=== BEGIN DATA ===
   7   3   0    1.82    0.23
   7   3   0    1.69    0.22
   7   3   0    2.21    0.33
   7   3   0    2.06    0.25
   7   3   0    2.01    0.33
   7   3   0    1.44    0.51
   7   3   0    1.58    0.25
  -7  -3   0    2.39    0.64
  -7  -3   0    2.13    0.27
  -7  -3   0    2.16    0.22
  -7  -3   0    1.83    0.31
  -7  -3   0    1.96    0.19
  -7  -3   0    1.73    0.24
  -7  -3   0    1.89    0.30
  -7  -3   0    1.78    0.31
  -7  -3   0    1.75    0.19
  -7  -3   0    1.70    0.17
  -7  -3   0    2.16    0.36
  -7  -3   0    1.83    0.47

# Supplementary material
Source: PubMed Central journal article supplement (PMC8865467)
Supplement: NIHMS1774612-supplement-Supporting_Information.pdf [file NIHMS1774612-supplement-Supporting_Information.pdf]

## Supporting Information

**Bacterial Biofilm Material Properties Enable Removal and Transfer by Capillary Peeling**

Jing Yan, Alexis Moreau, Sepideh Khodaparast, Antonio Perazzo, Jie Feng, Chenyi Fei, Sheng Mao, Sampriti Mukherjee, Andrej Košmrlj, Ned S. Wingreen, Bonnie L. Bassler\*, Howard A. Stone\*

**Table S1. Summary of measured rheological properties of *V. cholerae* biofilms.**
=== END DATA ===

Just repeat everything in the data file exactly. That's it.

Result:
   7   3   0    1.82    0.23
   7   3   0    1.69    0.22
   7   3   0    2.21    0.33
   7   3   0    2.06    0.25
   7   3   0    2.01    0.33
   7   3   0    1.44    0.51
   7   3   0    1.58    0.25
  -7  -3   0    2.39    0.64
  -7  -3   0    2.13    0.27
  -7  -3   0    2.16    0.22
  -7  -3   0    1.83    0.31
  -7  -3   0    1.96    0.19
  -7  -3   0    1.73    0.24
  -7  -3   0    1.89    0.30
  -7  -3   0    1.78    0.31
  -7  -3   0    1.75    0.19
  -7  -3   0    1.70    0.17
  -7  -3   0    2.16    0.36
  -7  -3   0    1.83    0.47

# Supplementary material
Source: PubMed Central journal article supplement (PMC8865467)
Supplement: NIHMS1774612-supplement-Supporting_Information.pdf [file NIHMS1774612-supplement-Supporting_Information.pdf]

## Supporting Information

**Bacterial Biofilm Material Properties Enable Removal and Transfer by Capillary Peeling**

Jing Yan, Alexis Moreau, Sepideh Khodaparast, Antonio Perazzo, Jie Feng, Chenyi Fei, Sheng Mao, Sampriti Mukherjee, Andrej Košmrlj, Ned S. Wingreen, Bonnie L. Bassler\*, Howard A. Stone\*

**Table S1. Summary of measured rheological properties of *V. cholerae* biofilms.**